West African Campaign (World War I)
||It has been suggested that some portions of this article be split into articles titled Togoland Campaign and Kamerun campaign. (February 2013)|
The West Africa Campaign of World War I consisted of two relatively small military operations to capture the German colonies in West Africa: Togoland, and Kamerun. Togoland was captured in a few weeks in 1914, but Kamerun resisted until February 1916.
The British Empire, with near total command of the world's oceans, had the power and resources to conquer the German colonies when the Great War started. The two German colonies in West Africa were recently acquired and not well defended. They were also surrounded on all sides by African colonies that belonged to their enemies, the United Kingdom, France and Belgium. On 22 August 1914 the Allies decided to mount a combined operation to capture the colonies, and agreed that it should be commanded by the British General, Charles Dobell.
This small colony located in present-day Togo was almost immediately conquered in 1914 by a military force from the British Gold Coast (modern-day Ghana) and a small force from French Dahomey (modern-day Benin). The colony had no official military forces, only around 700 paramilitaries, police, and border guards at the start of the war.
After the Allies' demand for the surrender of Togoland on August 6 was denied, British and French forces entered the colony on August 9. On 12 August British forces seized Lomé and most of the coast without facing any resistance. They then advanced northwards, following German forces that had withdrawn towards Kamina, a wireless station vital to communication between Germany, her navy, and the other African colonies. The Germans destroyed the railway bridges on the line to Kamina, slowing the British advance.
The first and only significant action throughout the invasion was at the Battle of Chra on August 22 between British and entrenched German forces attempting to stall the British advance to Kamina. British forces were halted by approximately 60 German and 500 native Togolese soldiers entrenched on the opposite bank of the Chra River. German forces held their line of defense for a two days until withdrawing further inland to Kamina. British forces had suffered 17% casualties or 23 killed and 52 wounded, while the Germans had only suffered 13.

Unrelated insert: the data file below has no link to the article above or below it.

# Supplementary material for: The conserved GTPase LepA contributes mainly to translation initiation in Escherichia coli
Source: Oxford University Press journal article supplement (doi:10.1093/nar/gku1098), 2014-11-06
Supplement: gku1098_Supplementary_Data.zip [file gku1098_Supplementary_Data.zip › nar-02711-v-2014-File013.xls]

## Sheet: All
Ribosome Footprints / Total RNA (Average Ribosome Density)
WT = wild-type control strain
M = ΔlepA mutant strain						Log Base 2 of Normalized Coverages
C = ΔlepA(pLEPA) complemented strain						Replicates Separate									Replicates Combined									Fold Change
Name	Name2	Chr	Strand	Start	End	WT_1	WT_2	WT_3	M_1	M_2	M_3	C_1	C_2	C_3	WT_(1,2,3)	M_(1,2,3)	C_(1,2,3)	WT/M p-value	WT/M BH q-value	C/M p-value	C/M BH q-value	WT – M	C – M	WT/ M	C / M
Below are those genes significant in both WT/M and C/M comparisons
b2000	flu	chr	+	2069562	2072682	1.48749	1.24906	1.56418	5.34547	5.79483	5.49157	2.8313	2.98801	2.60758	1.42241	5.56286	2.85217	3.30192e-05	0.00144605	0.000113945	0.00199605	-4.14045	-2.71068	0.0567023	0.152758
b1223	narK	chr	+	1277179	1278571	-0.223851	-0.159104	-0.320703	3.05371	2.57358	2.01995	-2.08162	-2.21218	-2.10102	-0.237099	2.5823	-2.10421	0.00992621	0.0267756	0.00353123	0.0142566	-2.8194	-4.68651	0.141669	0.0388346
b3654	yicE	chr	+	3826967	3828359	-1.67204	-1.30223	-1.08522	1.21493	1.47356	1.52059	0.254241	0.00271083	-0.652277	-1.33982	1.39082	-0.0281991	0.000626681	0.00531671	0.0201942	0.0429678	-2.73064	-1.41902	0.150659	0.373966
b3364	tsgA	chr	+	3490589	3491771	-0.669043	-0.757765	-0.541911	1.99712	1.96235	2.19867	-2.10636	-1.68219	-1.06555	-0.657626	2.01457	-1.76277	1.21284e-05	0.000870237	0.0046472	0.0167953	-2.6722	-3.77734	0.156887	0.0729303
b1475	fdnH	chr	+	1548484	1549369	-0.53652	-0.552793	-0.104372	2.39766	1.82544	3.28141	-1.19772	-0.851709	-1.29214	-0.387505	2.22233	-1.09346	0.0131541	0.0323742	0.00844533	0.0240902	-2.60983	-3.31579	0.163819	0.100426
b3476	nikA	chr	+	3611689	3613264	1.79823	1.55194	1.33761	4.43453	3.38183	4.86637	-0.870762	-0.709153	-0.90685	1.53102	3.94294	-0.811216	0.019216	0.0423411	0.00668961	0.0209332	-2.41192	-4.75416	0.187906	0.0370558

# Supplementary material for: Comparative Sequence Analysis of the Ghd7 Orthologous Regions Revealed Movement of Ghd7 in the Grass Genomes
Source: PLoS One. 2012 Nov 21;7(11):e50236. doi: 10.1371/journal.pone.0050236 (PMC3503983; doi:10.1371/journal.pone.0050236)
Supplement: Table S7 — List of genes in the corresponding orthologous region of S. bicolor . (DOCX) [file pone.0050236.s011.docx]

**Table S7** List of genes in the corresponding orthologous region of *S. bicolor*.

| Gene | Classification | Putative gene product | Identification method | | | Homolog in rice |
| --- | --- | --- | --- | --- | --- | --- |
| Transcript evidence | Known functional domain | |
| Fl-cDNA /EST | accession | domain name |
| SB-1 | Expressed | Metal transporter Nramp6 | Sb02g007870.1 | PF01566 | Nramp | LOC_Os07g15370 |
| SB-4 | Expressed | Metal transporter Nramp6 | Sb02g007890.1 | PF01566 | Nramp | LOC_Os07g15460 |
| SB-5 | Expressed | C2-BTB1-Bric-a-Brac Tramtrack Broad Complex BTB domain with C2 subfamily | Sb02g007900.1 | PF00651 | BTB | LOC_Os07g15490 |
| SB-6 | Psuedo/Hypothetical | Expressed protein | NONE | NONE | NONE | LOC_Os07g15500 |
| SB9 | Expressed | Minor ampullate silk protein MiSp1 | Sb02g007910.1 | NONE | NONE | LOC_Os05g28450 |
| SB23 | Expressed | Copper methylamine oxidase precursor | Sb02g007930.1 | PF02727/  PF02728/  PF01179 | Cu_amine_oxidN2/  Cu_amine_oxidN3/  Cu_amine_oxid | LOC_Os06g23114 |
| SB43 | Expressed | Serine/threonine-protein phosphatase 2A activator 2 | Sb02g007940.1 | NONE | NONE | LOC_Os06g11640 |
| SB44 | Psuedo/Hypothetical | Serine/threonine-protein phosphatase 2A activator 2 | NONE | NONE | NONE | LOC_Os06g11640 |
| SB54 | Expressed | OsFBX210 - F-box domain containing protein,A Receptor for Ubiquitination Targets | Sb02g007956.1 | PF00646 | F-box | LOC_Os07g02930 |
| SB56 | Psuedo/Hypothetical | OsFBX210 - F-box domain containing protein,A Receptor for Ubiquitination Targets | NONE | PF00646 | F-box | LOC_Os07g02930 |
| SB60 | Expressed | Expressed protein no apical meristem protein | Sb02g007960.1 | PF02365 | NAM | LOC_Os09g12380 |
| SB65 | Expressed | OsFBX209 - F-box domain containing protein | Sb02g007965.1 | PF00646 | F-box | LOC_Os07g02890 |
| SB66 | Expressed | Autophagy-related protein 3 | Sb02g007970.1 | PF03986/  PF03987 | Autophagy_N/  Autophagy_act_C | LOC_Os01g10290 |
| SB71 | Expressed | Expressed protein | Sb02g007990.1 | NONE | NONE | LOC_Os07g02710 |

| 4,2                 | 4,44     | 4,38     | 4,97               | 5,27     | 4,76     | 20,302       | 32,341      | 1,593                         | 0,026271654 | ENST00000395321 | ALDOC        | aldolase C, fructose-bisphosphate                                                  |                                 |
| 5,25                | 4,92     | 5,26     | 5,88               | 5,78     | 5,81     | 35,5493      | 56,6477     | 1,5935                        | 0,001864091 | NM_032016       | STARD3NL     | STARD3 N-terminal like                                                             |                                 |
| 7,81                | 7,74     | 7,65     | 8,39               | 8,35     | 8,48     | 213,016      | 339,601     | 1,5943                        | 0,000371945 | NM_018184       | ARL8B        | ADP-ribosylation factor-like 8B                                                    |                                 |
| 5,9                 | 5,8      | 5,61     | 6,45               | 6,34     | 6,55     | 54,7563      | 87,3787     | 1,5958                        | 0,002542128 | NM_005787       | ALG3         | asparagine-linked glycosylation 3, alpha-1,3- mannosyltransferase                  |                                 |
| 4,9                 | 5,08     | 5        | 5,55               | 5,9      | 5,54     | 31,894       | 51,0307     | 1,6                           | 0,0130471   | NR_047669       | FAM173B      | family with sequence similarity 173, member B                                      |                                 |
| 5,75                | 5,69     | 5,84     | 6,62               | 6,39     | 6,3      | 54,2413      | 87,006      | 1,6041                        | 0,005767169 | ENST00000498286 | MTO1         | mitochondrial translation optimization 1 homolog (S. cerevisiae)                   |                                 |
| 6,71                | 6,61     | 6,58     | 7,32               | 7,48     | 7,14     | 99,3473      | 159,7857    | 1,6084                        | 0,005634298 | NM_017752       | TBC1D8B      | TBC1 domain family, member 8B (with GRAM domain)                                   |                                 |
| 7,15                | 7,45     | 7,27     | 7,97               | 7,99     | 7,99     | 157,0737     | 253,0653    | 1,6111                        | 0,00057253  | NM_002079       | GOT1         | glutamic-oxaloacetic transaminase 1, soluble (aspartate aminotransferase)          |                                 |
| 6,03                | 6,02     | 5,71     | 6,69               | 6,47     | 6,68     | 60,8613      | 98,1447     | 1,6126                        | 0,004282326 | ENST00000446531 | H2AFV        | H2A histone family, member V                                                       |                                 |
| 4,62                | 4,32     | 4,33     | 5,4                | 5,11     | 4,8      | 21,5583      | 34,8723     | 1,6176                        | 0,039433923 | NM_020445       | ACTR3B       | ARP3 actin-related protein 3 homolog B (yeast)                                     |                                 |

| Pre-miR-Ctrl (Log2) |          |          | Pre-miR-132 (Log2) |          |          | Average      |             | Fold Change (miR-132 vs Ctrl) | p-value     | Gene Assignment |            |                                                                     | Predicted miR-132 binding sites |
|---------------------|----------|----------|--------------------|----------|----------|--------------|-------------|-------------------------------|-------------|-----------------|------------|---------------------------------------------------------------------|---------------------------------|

The radio station at Kamina was demolished by the Germans on 24 August 1914. As the Allies converged on it the local German commander, Major Hans-Georg von Döring, surrendered three days later. British forces under Colonel Bryant found the wireless station at Kamina completely destroyed, and took the surrender of 200 German and native Togolese soldiers. All operations were over by 26 August. John Keegan identified the two Allied units as the West African Rifles and the Tirailleurs senegalais.
Kamerun (modern-day Cameroon and parts of what is now eastern Nigeria) had a garrison of about 1,000 German soldiers supported by about 3,000 African soldiers. Initially, the British attacked out of Nigeria following three different routes east into Kamerun. However, all three columns were defeated by a combination of the terrain, rough trails, and ambushes by the Germans. The French attacked south from Chad and captured Kusseri. Early in September, a Belgian-French force (mostly from the Belgian Congo) captured Limbe on the coast. With the aid of four British and French cruisers acting providing naval gunfire support, together with an improvised flotilla of costal and riverine craft, the Allies captured the colonial capital of Douala on 27 September 1914. The German garrison at Garoua fell to the British in June 1915.
The only major center of German resistance was now Yaounda (modern-day Yaoundé), but the Allies had to wait until the dry season before the terrain allowed them to renew the offensive. The Belgian-French forces followed the German-built railroad inland, beating off German counterattacks along the way. By November, Yaoundé was captured. Most of the surviving German soldiers retreated into Spanish Guinea (modern-day Equatorial Guinea), which was neutral territory. There the Spanish interned them for the duration of the war. The last German fort in Kamerun (at Mora) surrendered in February 1916.
- Gorges (1930)
- Strachan (2004) p.14
- Strachan (2004) p.17
- "The German Colony of Cameroon". Retrieved 18 September 2011.
- Sebald, Peter (1988). Togo 1884–1914. Berlin. p. 595.
- "Far From Home – The Fighting in Kamerun 1914–1916". Retrieved 18 September 2011.
- Moberly (1931) Military Operations. Togoland and the Cameroons, 1914–1916, p.426
- Erlikman, Vadim (2004). Poteri narodonaseleniia v XX veke : spravochnik. Moscow. ISBN 5-93165-107-1.
- Strachan (2004) p.16
- "The Soldier's Burden." The Soldier's Burden. Web. <http://www.kaiserscross.com/188001/300143.html>.
- "The Soldier's Burden." The Soldier's Burden. Web. <http://www.kaiserscross.com/188001/300143.html>
- Keegan, "World War I", p. 206
- Keegan, "World War I", p. 207
- Gorges E.H. (1930) The Great War in West Africa, Hutchinson & Co. Ltd., London; Naval & Military Press, Uckfield, 2004: ISBN 1-84574-115-3
- Moberly F.J. (1931) Togoland and the Cameroons 1914–1916, the official history, HMSO, London
- Paice, Edward (2007) Tip and Run: The Untold Tragedy of the Great War in Africa, Weidenfeld & Nicolson, London: ISBN 0-297-84709-0
- Strachan, Hew (2004) The First World War in Africa, Oxford University Press, Oxford: ISBN 978-0199257287
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